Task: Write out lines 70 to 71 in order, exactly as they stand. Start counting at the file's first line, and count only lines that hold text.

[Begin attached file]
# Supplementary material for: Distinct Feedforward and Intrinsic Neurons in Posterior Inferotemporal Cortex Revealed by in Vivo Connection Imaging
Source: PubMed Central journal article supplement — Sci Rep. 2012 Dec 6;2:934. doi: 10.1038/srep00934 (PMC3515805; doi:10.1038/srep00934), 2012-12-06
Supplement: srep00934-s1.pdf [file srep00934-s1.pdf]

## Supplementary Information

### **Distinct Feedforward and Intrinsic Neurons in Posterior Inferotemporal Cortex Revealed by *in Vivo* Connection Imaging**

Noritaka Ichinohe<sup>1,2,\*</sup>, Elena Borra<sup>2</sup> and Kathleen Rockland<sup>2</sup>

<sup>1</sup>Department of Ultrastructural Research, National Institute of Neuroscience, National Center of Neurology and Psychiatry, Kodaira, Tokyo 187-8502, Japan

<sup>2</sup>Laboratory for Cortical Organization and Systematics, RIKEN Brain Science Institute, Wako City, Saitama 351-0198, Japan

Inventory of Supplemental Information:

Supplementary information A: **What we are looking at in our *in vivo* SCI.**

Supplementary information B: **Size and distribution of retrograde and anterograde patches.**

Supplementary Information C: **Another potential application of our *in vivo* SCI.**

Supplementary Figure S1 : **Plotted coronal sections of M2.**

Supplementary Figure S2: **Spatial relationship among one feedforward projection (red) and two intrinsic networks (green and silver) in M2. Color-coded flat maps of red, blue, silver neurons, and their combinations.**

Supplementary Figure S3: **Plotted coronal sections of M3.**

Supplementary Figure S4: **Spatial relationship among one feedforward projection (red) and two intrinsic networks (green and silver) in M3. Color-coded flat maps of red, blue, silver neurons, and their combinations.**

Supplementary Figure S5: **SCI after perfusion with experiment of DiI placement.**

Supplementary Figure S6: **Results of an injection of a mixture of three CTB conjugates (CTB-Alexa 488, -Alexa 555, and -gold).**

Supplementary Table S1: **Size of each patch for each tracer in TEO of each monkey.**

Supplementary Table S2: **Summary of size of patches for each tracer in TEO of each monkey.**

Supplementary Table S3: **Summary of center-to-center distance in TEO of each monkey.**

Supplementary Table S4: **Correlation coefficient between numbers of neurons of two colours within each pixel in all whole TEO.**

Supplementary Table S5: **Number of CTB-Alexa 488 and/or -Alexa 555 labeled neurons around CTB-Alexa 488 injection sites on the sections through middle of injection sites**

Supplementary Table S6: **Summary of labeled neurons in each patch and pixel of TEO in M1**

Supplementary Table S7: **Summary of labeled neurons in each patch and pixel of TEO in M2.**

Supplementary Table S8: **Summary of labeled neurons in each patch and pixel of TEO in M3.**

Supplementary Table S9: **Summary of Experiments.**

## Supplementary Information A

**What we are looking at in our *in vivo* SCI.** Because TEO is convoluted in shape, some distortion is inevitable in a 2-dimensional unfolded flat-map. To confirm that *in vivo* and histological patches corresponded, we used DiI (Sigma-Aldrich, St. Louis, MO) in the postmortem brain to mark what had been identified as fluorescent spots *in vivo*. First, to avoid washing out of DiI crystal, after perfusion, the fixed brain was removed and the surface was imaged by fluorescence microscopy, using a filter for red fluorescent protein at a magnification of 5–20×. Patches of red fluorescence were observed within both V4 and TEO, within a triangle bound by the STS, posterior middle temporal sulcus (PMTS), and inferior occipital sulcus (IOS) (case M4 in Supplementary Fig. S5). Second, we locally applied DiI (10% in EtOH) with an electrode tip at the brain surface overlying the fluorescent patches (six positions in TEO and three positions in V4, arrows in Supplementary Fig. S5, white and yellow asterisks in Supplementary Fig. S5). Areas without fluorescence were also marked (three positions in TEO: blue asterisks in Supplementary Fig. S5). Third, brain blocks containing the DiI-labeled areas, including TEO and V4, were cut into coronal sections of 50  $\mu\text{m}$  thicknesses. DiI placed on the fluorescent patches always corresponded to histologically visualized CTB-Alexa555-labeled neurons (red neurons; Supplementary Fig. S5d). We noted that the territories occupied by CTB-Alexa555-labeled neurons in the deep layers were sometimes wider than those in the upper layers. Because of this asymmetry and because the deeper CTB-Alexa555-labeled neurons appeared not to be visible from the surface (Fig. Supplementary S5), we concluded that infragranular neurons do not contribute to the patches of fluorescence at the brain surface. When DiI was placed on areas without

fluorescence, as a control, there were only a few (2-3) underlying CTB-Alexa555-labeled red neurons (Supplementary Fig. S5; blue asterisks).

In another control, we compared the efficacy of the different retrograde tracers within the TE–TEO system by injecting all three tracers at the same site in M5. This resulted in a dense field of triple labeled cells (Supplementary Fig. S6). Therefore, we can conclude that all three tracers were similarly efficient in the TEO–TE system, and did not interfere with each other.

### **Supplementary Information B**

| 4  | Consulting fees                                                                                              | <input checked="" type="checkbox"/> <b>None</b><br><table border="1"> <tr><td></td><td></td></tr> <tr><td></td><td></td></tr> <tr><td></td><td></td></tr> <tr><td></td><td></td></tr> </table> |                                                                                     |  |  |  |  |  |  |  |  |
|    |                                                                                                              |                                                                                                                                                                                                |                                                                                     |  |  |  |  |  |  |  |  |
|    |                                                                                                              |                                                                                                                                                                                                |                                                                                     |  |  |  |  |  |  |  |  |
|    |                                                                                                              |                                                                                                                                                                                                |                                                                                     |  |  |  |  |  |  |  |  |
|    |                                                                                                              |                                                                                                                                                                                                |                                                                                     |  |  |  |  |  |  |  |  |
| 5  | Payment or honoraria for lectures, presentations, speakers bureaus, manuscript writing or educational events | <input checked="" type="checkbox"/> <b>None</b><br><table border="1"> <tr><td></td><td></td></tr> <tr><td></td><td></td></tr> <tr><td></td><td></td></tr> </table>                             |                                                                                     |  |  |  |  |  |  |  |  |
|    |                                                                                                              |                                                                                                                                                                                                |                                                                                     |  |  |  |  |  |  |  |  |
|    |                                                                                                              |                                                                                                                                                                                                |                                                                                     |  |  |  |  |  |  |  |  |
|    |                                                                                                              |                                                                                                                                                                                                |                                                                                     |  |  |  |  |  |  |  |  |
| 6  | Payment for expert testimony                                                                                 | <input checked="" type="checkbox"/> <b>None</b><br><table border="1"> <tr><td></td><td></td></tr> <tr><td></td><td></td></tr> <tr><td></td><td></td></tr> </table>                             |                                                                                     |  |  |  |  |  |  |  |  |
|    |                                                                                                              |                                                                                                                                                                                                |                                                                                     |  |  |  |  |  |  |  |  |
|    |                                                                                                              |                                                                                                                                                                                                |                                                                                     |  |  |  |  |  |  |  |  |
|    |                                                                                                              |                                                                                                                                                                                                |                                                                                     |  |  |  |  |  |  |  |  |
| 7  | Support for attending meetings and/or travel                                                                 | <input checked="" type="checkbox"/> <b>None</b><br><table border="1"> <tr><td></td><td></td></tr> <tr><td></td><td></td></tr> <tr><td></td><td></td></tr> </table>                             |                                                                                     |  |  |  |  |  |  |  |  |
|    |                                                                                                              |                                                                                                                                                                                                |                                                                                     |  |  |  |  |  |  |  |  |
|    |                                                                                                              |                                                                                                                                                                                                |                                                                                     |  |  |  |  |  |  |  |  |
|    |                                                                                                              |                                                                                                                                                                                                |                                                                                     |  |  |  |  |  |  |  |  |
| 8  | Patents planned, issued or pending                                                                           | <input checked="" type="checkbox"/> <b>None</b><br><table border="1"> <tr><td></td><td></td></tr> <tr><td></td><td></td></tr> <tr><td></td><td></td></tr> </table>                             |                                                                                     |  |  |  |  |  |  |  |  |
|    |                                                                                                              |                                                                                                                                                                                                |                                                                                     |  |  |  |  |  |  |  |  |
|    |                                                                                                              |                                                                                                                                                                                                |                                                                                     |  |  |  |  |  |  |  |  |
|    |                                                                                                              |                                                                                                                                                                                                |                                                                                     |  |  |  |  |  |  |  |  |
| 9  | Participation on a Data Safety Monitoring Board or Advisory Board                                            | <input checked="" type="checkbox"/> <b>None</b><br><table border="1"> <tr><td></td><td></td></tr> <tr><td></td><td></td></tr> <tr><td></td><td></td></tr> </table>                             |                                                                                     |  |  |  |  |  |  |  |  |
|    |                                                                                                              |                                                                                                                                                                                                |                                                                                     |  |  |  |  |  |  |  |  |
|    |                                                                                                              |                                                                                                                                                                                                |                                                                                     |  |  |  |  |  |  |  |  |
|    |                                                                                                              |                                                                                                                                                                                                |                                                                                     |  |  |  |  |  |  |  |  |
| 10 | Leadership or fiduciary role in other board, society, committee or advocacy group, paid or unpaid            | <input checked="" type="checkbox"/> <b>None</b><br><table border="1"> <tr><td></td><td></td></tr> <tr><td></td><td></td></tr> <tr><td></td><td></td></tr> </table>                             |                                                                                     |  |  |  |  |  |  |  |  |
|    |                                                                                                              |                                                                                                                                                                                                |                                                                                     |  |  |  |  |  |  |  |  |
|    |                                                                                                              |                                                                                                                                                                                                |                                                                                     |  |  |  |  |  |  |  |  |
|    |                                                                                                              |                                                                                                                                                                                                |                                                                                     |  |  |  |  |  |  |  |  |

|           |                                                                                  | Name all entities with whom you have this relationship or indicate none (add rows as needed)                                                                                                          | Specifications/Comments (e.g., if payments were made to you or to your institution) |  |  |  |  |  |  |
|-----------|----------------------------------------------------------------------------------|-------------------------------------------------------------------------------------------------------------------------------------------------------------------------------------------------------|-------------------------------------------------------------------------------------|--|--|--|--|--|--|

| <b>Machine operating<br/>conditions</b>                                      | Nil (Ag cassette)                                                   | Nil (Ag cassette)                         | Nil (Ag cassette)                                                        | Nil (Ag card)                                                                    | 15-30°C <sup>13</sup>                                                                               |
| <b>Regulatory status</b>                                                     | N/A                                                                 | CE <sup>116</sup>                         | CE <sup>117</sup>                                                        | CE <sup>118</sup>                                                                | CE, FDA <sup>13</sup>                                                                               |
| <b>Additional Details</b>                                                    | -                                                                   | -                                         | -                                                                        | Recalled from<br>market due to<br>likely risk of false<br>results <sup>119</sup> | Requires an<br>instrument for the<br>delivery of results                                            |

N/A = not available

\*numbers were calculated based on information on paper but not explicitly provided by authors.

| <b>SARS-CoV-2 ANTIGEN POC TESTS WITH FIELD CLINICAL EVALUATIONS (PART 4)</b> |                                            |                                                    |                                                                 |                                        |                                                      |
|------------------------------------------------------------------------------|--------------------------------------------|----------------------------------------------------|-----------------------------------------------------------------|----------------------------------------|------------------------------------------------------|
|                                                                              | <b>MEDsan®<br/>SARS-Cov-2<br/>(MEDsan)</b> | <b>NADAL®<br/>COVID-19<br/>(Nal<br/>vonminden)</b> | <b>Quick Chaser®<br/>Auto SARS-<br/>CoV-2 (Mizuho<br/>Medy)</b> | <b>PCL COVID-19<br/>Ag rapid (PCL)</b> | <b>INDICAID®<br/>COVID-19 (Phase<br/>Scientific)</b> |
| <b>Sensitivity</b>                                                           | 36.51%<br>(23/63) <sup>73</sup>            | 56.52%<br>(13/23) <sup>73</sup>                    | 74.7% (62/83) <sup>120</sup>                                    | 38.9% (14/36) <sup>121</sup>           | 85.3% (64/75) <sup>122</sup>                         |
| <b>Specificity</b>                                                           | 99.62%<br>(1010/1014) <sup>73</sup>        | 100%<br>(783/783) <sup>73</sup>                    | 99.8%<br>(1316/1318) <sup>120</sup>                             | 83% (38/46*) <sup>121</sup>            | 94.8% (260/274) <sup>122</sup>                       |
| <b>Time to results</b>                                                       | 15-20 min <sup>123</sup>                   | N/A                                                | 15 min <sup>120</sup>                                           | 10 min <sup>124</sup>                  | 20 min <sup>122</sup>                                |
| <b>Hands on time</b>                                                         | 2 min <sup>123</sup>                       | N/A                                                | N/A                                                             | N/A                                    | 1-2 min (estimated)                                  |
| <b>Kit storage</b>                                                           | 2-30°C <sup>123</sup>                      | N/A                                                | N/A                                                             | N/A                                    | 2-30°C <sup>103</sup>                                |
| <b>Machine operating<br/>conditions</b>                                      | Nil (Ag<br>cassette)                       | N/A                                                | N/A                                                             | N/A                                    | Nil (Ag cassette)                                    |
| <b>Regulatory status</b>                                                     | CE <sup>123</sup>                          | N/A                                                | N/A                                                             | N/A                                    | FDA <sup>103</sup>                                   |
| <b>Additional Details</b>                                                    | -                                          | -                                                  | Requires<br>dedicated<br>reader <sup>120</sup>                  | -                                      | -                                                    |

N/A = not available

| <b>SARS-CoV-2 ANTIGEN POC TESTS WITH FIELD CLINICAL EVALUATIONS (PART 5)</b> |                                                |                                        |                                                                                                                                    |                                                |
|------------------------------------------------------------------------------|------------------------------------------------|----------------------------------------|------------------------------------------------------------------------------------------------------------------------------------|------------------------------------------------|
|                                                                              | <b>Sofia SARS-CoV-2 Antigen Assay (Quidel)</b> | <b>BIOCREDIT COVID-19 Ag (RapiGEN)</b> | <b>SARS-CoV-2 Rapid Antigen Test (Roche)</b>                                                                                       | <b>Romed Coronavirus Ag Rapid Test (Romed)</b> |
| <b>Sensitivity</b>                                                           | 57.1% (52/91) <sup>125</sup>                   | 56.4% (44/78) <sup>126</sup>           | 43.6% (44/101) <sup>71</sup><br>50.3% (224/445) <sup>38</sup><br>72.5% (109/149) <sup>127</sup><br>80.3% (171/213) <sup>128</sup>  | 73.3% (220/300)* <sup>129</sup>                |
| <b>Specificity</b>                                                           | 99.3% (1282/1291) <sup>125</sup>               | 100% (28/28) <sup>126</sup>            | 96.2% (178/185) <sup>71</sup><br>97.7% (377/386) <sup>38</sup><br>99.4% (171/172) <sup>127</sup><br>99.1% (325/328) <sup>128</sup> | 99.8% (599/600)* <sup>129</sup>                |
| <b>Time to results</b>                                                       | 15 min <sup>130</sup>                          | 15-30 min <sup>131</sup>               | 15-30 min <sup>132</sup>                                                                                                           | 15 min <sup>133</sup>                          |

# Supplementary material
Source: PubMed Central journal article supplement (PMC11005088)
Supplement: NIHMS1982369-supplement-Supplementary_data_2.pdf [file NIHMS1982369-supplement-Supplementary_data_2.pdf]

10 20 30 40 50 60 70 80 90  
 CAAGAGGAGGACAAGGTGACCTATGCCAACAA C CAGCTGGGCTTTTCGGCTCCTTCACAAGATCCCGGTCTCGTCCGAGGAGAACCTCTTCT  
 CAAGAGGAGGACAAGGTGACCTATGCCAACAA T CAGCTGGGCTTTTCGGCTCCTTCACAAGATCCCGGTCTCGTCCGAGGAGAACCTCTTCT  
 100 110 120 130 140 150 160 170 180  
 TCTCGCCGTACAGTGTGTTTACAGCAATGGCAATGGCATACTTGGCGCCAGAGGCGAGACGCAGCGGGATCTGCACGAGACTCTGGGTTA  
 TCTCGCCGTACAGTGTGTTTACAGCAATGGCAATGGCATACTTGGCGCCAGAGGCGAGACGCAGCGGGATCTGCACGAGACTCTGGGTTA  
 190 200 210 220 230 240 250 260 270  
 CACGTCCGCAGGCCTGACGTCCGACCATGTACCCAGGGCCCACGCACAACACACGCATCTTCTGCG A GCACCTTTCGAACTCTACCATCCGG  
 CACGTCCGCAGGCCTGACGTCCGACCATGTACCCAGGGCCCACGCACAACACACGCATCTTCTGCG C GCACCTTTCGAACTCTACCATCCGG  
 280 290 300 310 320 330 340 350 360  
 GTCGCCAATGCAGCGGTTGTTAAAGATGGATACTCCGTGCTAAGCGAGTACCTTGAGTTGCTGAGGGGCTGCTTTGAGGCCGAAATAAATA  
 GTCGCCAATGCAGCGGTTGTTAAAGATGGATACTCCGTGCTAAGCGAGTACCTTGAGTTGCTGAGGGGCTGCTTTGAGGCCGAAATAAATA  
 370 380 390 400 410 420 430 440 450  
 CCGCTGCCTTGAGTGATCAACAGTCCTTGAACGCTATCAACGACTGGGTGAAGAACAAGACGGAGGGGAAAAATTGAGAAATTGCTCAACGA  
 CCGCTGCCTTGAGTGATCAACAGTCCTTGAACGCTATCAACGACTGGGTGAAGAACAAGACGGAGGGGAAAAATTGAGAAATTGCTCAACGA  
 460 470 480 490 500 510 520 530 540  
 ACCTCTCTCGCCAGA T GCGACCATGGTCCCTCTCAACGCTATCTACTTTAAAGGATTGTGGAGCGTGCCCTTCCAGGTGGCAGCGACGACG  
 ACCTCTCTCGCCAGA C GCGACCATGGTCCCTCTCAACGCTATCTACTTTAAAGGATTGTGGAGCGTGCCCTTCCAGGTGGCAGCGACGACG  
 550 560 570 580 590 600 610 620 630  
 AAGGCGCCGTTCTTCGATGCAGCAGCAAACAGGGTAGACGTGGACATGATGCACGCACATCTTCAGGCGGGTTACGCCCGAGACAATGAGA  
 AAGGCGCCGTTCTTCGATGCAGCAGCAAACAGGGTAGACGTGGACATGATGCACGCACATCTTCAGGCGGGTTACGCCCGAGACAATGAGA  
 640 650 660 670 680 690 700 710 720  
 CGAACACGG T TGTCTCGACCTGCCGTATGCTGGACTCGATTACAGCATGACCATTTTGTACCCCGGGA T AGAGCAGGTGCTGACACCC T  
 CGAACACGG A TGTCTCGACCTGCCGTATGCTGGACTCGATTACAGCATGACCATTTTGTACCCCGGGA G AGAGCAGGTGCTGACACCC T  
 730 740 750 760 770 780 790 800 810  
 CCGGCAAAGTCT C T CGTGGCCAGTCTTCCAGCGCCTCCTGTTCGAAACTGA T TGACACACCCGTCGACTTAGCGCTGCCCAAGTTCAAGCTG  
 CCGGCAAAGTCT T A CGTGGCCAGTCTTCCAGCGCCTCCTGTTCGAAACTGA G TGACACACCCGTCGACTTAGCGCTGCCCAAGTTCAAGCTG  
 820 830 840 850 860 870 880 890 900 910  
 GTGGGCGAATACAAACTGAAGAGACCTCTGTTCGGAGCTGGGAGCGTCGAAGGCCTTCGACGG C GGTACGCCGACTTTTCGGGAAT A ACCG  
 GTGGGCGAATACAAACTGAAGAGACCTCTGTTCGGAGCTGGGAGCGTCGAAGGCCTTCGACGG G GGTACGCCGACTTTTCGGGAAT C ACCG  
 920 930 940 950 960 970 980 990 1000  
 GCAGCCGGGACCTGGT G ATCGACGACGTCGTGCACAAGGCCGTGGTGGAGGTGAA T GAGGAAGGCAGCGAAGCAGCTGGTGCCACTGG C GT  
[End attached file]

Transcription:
|------------------------------------------------------------------------------|--------------------------------------------|----------------------------------------------------|-----------------------------------------------------------------|----------------------------------------|------------------------------------------------------|
|                                                                              | <b>MEDsan®<br/>SARS-Cov-2<br/>(MEDsan)</b> | <b>NADAL®<br/>COVID-19<br/>(Nal<br/>vonminden)</b> | <b>Quick Chaser®<br/>Auto SARS-<br/>CoV-2 (Mizuho<br/>Medy)</b> | <b>PCL COVID-19<br/>Ag rapid (PCL)</b> | <b>INDICAID®<br/>COVID-19 (Phase<br/>Scientific)</b> |